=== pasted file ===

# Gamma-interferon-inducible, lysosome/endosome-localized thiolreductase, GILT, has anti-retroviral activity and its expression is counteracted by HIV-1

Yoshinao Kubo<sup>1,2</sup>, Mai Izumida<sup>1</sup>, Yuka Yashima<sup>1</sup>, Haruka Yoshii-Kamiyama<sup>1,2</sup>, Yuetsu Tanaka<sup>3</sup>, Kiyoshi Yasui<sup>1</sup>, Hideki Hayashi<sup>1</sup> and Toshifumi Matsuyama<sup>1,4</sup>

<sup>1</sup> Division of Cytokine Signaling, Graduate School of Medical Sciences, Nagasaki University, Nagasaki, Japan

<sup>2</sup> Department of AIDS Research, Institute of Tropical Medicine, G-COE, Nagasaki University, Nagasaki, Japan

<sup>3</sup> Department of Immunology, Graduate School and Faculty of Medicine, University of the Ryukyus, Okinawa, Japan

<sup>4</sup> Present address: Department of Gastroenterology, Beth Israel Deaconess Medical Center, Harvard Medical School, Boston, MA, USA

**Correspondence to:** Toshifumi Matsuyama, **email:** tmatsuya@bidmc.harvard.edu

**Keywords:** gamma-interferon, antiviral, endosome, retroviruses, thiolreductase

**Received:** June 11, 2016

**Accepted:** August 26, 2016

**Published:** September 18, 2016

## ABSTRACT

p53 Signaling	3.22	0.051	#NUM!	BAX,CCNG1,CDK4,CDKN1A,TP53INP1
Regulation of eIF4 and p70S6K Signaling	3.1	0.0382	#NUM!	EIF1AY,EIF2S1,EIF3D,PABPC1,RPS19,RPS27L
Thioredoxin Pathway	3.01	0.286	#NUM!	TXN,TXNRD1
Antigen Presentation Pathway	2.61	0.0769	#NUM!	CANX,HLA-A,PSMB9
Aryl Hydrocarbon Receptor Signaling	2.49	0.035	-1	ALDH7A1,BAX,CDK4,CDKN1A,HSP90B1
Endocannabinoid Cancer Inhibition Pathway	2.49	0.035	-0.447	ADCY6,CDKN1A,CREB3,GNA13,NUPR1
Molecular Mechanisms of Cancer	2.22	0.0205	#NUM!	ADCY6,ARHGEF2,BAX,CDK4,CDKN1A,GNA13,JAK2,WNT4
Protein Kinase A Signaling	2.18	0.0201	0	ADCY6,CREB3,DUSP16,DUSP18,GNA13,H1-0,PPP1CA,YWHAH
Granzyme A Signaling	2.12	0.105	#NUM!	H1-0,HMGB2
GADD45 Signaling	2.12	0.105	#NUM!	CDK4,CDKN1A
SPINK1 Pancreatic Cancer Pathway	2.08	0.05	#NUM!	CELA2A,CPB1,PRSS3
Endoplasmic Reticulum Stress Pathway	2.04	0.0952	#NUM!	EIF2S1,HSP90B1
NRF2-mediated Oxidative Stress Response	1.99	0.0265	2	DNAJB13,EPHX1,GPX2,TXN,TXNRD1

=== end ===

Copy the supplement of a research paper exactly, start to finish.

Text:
# Gamma-interferon-inducible, lysosome/endosome-localized thiolreductase, GILT, has anti-retroviral activity and its expression is counteracted by HIV-1

Yoshinao Kubo<sup>1,2</sup>, Mai Izumida<sup>1</sup>, Yuka Yashima<sup>1</sup>, Haruka Yoshii-Kamiyama<sup>1,2</sup>, Yuetsu Tanaka<sup>3</sup>, Kiyoshi Yasui<sup>1</sup>, Hideki Hayashi<sup>1</sup> and Toshifumi Matsuyama<sup>1,4</sup>

<sup>1</sup> Division of Cytokine Signaling, Graduate School of Medical Sciences, Nagasaki University, Nagasaki, Japan

<sup>2</sup> Department of AIDS Research, Institute of Tropical Medicine, G-COE, Nagasaki University, Nagasaki, Japan

<sup>3</sup> Department of Immunology, Graduate School and Faculty of Medicine, University of the Ryukyus, Okinawa, Japan

<sup>4</sup> Present address: Department of Gastroenterology, Beth Israel Deaconess Medical Center, Harvard Medical School, Boston, MA, USA

**Correspondence to:** Toshifumi Matsuyama, **email:** tmatsuya@bidmc.harvard.edu

**Keywords:** gamma-interferon, antiviral, endosome, retroviruses, thiolreductase

**Received:** June 11, 2016

**Accepted:** August 26, 2016

**Published:** September 18, 2016

## ABSTRACT

p53 Signaling	3.22	0.051	#NUM!	BAX,CCNG1,CDK4,CDKN1A,TP53INP1
Regulation of eIF4 and p70S6K Signaling	3.1	0.0382	#NUM!	EIF1AY,EIF2S1,EIF3D,PABPC1,RPS19,RPS27L
Thioredoxin Pathway	3.01	0.286	#NUM!	TXN,TXNRD1
Antigen Presentation Pathway	2.61	0.0769	#NUM!	CANX,HLA-A,PSMB9
Aryl Hydrocarbon Receptor Signaling	2.49	0.035	-1	ALDH7A1,BAX,CDK4,CDKN1A,HSP90B1
Endocannabinoid Cancer Inhibition Pathway	2.49	0.035	-0.447	ADCY6,CDKN1A,CREB3,GNA13,NUPR1
Molecular Mechanisms of Cancer	2.22	0.0205	#NUM!	ADCY6,ARHGEF2,BAX,CDK4,CDKN1A,GNA13,JAK2,WNT4
Protein Kinase A Signaling	2.18	0.0201	0	ADCY6,CREB3,DUSP16,DUSP18,GNA13,H1-0,PPP1CA,YWHAH
Granzyme A Signaling	2.12	0.105	#NUM!	H1-0,HMGB2
GADD45 Signaling	2.12	0.105	#NUM!	CDK4,CDKN1A
SPINK1 Pancreatic Cancer Pathway	2.08	0.05	#NUM!	CELA2A,CPB1,PRSS3
Endoplasmic Reticulum Stress Pathway	2.04	0.0952	#NUM!	EIF2S1,HSP90B1
NRF2-mediated Oxidative Stress Response	1.99	0.0265	2	DNAJB13,EPHX1,GPX2,TXN,TXNRD1